I remember, a long time ago, when I used to have a social life.
My husband, Peter, and I have been visiting his sister, Lori, once a week while she battles cancer. She was in yesterday for another radiation treatment, and we are waiting to hear if she will be feeling well enough for a visit this weekend. And so we stay home, as we have since March of last year.
Lately, we have taken to picking up our groceries at the curb. I was skeptical. I’d never had another person choose my broccoli for me. They did a surprisingly good job, and it’s one more thing we can do to feel a little safer while visiting Lori. But it’s also a little sad because the grocery store is the only place I go.
Now, I go nowhere except on my long daily walk and to visit Lori. And the only person who comes to our house is our neighbor, Yvonne, and the dog, Remington.
Yvonne’s dad is 90 and frail. He hasn’t been out of his house other than for a couple of doctor appointments and the occasional drive around town. Yvonne is keeping extra safe so she can bring him meals and groceries. Yvonne just retired and thought she’d be going places and doing things she couldn’t do while she was working. Instead, she’s walking her son’s dog, Remington.
Our twice-weekly visits from Remington have become the center of our social life.
Yvonne rings the doorbell and then steps back off the stoop. But Remington strains on his leash in anticipation. Yvonne confirms these visits are the highlight of his week.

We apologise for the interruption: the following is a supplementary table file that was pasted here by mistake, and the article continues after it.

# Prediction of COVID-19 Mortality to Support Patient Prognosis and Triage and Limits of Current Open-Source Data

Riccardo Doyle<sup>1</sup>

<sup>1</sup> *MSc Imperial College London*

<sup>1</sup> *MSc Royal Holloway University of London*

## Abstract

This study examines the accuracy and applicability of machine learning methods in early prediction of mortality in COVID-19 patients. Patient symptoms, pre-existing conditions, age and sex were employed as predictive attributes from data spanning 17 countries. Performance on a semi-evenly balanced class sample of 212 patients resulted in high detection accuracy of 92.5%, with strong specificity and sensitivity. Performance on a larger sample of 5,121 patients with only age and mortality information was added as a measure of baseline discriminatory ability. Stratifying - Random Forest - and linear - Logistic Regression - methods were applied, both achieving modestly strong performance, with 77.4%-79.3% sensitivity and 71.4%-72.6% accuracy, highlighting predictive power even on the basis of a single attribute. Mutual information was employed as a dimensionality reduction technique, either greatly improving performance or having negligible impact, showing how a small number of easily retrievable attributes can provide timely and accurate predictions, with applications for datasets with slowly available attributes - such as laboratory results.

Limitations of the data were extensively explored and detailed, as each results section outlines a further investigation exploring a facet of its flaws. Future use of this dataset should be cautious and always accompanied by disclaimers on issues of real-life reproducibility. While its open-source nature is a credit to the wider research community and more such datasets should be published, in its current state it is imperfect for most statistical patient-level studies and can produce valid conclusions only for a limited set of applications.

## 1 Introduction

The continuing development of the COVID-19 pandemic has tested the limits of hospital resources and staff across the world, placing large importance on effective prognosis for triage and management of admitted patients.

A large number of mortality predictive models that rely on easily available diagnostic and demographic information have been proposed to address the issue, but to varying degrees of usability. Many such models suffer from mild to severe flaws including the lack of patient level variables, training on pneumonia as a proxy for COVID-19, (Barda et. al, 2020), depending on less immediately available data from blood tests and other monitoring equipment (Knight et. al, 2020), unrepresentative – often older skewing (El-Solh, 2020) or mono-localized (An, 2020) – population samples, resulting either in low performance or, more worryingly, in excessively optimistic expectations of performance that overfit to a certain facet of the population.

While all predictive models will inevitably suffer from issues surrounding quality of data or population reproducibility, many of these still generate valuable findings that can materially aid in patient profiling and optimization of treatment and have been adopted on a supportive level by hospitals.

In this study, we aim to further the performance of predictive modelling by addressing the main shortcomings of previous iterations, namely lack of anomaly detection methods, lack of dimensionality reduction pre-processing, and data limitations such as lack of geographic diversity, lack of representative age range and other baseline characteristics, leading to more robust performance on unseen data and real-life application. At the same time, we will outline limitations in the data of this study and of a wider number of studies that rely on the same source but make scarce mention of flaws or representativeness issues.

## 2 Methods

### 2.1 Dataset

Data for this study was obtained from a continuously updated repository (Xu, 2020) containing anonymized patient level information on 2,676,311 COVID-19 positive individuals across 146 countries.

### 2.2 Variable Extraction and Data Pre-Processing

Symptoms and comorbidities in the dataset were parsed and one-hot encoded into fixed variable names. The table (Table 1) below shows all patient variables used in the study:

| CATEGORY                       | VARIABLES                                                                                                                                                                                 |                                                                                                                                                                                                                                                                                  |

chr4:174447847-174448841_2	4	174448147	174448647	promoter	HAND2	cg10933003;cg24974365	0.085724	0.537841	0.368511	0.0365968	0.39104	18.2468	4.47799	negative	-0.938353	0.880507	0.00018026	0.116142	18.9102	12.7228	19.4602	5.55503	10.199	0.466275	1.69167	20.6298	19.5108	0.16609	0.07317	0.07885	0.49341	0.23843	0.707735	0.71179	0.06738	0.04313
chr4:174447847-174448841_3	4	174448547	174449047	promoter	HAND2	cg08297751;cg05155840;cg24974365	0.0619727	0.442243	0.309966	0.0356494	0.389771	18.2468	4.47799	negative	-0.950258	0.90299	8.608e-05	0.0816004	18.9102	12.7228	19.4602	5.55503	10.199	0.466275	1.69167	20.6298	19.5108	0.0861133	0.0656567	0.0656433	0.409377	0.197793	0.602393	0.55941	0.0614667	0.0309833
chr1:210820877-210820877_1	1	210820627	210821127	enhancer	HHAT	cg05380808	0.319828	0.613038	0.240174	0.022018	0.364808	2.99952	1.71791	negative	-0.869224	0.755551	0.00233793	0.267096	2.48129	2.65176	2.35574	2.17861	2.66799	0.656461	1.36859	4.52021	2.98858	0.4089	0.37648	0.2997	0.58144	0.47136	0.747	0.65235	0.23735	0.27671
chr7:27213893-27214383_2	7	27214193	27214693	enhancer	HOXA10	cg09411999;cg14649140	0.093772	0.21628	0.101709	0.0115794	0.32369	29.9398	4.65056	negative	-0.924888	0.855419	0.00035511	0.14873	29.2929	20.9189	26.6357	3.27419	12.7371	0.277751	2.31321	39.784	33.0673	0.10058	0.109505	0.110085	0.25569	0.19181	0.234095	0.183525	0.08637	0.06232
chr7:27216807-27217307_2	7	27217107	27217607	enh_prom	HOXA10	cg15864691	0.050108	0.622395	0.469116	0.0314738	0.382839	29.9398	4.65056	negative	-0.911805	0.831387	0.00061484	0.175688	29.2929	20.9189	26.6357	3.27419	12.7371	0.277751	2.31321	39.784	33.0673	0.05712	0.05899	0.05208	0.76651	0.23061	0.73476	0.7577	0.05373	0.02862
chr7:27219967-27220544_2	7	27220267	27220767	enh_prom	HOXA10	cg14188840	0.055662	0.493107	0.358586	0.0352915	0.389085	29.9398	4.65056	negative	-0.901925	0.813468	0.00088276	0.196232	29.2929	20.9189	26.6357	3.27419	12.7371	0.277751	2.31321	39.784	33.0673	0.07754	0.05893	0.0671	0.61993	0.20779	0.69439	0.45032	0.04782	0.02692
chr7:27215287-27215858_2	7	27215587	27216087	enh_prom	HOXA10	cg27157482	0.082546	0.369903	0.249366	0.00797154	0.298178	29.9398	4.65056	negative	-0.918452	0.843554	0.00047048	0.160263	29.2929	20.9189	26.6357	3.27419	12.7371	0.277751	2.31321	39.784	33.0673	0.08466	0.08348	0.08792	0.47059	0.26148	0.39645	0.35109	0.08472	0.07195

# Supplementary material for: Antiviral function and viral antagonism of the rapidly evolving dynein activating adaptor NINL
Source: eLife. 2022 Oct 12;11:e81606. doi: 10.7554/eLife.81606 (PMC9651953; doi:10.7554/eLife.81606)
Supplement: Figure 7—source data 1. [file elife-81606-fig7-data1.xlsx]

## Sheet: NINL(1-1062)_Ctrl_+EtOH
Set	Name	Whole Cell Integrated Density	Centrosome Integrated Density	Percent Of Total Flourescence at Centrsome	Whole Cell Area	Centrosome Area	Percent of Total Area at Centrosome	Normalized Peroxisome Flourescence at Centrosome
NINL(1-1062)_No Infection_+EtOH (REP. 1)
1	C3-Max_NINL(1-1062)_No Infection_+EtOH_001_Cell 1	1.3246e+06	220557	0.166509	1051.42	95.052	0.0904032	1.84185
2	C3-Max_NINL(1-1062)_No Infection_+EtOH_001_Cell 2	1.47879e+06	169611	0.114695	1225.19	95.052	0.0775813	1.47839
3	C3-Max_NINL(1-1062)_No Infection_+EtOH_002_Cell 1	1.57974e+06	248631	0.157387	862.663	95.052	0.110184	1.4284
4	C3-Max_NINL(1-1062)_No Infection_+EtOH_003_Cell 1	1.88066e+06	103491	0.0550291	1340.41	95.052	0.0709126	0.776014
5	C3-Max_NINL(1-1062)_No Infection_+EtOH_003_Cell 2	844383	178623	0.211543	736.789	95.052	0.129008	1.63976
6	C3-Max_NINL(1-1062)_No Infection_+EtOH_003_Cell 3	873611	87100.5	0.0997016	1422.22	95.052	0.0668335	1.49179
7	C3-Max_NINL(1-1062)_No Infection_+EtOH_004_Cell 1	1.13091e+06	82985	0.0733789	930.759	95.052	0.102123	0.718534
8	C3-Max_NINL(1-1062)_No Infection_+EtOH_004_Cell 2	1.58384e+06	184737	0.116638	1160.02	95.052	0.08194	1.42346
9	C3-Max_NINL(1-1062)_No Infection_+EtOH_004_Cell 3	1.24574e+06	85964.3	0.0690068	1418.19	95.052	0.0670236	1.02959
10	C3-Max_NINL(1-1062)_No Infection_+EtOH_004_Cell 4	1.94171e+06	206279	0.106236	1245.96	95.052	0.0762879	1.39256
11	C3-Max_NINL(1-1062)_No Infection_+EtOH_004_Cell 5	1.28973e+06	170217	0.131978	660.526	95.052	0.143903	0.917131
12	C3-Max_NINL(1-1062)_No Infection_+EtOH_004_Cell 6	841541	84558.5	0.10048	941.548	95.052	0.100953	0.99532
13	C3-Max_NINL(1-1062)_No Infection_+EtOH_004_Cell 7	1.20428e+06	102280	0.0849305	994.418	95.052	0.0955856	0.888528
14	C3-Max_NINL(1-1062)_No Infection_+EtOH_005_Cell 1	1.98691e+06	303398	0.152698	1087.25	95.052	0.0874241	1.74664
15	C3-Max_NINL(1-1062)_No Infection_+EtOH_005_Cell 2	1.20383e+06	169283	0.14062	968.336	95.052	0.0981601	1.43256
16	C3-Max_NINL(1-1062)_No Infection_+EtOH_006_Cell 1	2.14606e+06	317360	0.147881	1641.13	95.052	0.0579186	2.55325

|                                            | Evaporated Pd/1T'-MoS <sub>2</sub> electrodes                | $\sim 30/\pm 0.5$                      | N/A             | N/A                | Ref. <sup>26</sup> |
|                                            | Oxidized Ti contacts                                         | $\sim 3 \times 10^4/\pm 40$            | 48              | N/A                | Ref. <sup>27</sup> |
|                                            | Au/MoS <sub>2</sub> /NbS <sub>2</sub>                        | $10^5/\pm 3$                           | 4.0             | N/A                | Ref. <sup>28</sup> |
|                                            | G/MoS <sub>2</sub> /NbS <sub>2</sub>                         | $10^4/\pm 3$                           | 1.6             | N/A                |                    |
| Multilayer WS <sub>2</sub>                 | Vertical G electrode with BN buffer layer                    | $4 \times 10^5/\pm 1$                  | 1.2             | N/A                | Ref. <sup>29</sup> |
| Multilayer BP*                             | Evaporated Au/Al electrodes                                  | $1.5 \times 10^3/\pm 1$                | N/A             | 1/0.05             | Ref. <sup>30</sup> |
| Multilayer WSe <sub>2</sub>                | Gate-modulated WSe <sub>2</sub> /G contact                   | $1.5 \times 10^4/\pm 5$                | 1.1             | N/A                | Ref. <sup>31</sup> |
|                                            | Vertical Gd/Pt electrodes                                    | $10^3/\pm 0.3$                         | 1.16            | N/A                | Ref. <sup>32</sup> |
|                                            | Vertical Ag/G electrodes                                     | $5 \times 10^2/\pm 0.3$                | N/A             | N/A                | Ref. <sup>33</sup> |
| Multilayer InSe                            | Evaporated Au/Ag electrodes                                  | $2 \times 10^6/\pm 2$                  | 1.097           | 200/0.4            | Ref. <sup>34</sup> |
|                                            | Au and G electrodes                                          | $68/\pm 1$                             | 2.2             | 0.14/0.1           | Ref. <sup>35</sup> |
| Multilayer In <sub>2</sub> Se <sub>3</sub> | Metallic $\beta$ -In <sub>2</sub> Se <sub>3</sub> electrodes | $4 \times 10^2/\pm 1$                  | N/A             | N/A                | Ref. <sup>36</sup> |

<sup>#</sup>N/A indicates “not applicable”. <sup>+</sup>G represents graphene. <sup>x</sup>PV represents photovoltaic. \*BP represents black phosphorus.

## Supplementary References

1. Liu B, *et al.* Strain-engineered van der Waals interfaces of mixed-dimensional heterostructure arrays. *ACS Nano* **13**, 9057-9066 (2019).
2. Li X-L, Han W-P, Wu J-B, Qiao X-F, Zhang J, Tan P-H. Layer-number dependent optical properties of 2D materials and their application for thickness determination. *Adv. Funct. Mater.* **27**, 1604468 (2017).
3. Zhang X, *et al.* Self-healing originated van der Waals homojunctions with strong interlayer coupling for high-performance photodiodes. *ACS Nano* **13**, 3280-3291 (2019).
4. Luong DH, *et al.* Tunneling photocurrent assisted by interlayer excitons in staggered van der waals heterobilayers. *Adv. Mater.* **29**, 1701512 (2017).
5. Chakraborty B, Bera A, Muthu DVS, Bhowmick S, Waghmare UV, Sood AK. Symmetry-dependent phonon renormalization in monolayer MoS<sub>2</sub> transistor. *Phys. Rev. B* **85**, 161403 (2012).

Peter makes a wonderful smoked salmon, and we save the skin for Remington. I bring it out on a plate, along with a bowl of water. Remington eats the salmon and has a drink and then waits, poised, for the entertainment.
Entertaining Remington has become an elaborate affair.
Peter brings out exactly six “pub snacks,” which are crackers he has renamed “pup snacks.” He tosses them high in the air and Remington catches them. Peter calls this Remington’s “circus trick,” and Yvonne and I cheer wildly every time Remington catches a cracker. You can see Remington’s fierce concentration as he performs for three adults, focused on his performance. It’s a lot of pressure for one young dog, becoming the center of three adults’ social calendar.
This routine has become so firmly established that, one day, I was late with the salmon and Peter tossed the crackers before its arrival. Remington was visibly confused but caught the crackers. Then, one by one, he carefully placed them on the step to eat after the salmon because he knew that was the way it was supposed to be done.
And all the while we have been entertaining Remington, we have missed important milestones, experiences we will never have, moments lost forever.
My parents are in their 80s and I missed both their birthdays. My niece turned 18, which is impossible to believe. I hardly recognize my nephew on Zoom. He seems to have grown a foot and his voice has changed. I have missed attending the theater, missed seeing the ocean, missed entertaining friends, missed going to restaurants, missed hugging my family. And those are just things I know I have missed.
Meanwhile, Remington competes twice weekly for the title of “World’s Best Circus Dog,” my only live entertainment for the past 11 months.
“See you soon!” Yvonne says when she leaves.
“Goodbye, Remington!” I say, and Remington leaves, tail wagging.
I hope he comes back soon.
Till next time,
Carrie Classon’s memoir is called, “Blue Yarn.” Learn more at CarrieClasson.com.
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